The challenge of training without a full squad

practicing without a full squad can be a blessing in disguise

The life of a coach is often not sunshine and roses. There are various challenges that you need to deal with both on and off the field. Training without a full squad is one of the challenges we often need to overcome.

When you made sure that you planned your practice session for that day, but only 10 or 13 players pitch up. What should you do? I often see coaches totally giving up. They tell the players to play some touch rugby and then they stand off to the side chatting.

The only limit you have when the players aren’t all there is that you will not be able to practice your set plays. So, in fact, there isn’t a huge limit at all!

The advantage of training without a full squad

When you get to practice and see that there are only 10 players, you need to still be ready to coach. These are the players that went to the trouble of pitching up. The other players might have valid reasons for not being there, but these are ones you know are serious.

Just letting them play touch rugby is easy. In my opinion, it is the lazy way out.

The biggest advantage you gain from there only being a few players is that you can work more closely with each one of them individually. You get to learn what they are capable of and where you can hone their skills even more.

For the players, the personal attention you give them will take them to a whole new level. I have seen it countless times over the years and you should never let the lower player numbers disrupt your preparations.

So what can you do without a full squad

There are a few things that you should figure out as part of your pre-season preparations. One of them is how to deal with the lack of numbers at practice sessions. When it happens it happens. Not being prepared for it is squarely on your shoulders.

There are two things you need to do when that happens:

  1. Have a small numbers practice plan – this you should always have in your back pocket
  2. Follow up after the practice – make sure that you get clarity on player numbers for after practice

A small numbers practice plan

The small numbers practice plan is something that will always come in handy. You should have it worked out for 10 players and adjust it based on the number of players that pitch up.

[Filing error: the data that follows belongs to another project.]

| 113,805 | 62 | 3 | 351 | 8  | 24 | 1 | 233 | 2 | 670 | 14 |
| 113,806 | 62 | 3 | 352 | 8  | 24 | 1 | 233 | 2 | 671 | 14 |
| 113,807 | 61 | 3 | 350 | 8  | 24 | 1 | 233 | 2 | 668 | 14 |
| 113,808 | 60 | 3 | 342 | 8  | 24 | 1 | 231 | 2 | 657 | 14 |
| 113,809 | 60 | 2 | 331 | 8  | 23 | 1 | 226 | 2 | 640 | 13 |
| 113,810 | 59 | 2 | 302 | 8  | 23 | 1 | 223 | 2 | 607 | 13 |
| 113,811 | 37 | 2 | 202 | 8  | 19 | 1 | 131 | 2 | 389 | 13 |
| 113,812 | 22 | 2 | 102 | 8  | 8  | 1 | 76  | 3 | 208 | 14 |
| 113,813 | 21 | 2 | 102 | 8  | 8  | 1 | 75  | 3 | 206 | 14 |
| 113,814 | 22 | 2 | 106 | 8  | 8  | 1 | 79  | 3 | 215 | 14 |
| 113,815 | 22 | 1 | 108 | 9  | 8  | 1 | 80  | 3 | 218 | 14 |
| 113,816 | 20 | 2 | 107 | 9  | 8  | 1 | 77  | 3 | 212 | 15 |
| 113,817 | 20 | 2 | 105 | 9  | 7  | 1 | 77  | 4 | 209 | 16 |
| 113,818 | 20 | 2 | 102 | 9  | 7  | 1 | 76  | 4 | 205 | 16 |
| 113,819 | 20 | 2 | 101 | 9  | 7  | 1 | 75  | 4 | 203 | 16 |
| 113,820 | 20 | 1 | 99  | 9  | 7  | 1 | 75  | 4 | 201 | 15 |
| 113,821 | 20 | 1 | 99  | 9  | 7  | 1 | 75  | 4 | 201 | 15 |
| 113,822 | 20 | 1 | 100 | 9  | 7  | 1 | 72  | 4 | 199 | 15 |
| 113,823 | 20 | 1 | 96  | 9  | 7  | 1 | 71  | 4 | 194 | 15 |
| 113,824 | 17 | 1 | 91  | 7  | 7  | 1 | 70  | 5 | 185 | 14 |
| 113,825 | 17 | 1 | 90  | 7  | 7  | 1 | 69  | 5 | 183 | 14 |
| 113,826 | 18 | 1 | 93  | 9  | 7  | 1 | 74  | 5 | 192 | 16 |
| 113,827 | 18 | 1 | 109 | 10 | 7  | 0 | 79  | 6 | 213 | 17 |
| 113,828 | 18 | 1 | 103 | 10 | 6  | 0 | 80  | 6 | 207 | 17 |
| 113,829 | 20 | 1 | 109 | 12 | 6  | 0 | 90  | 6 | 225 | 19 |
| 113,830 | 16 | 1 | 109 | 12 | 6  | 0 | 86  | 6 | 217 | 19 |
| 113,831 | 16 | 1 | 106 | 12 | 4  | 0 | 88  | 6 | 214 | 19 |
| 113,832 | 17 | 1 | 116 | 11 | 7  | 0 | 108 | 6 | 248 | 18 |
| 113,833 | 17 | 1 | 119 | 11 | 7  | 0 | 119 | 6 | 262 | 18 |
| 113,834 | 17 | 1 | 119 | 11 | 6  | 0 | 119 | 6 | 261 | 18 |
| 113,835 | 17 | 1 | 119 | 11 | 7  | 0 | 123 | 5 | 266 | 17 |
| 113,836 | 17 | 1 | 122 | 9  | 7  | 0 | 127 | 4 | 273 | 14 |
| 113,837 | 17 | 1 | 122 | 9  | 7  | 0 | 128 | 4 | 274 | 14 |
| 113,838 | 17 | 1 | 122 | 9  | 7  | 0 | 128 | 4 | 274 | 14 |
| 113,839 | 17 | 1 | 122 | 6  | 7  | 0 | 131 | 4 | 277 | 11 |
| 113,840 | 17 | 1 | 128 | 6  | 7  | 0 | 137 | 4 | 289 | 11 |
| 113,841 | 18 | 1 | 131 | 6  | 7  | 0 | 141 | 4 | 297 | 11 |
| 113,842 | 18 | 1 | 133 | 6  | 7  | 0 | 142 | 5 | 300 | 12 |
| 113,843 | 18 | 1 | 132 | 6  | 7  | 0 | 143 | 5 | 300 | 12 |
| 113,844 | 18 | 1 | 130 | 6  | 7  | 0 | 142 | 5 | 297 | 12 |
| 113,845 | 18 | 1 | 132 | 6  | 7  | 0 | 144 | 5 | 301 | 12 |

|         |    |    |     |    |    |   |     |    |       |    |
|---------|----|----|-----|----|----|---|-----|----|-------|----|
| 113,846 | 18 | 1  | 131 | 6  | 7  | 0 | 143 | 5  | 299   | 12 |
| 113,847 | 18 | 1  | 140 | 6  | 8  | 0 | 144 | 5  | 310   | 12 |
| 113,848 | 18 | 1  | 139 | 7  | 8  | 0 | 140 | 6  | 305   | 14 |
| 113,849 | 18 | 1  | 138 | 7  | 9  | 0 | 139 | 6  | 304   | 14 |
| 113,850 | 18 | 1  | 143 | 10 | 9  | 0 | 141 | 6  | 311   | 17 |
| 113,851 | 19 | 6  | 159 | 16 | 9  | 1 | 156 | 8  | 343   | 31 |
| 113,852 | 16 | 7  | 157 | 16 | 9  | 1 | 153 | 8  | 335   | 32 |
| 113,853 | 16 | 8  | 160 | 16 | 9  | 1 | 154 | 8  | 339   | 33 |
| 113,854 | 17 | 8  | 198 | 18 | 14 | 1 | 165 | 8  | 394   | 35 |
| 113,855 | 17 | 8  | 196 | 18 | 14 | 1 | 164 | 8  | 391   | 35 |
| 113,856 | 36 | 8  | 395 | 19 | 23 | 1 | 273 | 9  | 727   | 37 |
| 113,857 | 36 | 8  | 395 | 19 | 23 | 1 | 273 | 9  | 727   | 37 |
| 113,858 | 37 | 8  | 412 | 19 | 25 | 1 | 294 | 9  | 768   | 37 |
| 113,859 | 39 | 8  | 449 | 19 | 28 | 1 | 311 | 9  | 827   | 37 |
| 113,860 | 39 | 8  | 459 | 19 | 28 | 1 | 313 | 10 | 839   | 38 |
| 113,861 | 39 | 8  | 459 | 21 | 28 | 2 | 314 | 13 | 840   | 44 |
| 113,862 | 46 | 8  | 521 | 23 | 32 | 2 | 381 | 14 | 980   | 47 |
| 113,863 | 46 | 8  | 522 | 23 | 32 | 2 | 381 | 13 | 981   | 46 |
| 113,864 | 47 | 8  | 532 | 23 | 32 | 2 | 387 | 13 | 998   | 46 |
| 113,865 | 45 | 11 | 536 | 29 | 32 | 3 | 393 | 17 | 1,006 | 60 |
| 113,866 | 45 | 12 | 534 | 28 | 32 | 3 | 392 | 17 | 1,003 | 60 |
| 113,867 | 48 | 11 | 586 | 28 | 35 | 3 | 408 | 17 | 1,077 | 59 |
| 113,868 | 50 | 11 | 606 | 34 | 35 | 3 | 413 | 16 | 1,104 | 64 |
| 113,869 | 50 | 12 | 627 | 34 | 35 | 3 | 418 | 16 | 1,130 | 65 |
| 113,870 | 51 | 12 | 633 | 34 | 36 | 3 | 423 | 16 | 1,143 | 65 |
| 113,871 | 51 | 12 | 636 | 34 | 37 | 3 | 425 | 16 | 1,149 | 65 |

The focus of these practices will obviously be difficult to focus on set phases. There would often not be enough people either in the backline or in the forwards for scrums, lineouts or set moves. The great news is that the majority of play in a game does not focus on set play.

To make these sessions as effective as they possibly can be you need to approach them slightly differently. When you have these sessions the intensity should be high and large parts of it should happen at a fast pace. This will not only teach the players to react quickly and decisively but increase their fitness.

You can focus on defensive drills, catching and passing as well as multiple mini-games that mimic game-specific situations.

It may sound exceptionally simple, but you will be amazed by how much of an impact these sessions will have on your overall success.

Follow up after practice

You can quickly pat yourself on the back after completing a session like this, but if you want to see the results come game time, you have some calls to make.

Immediately get in touch with players after the game by calling them. If you send them a text message it might work, but it is easier for them to ignore a text message. When you call it is a whole different story.

Make sure about whether or not they will make the next practice or be at the next game so that you can be prepared for it.

Then you should let everyone know on a grout chat what is happening. The players that were at practice and those that weren’t should know what to expect from the next practice and the game coming up.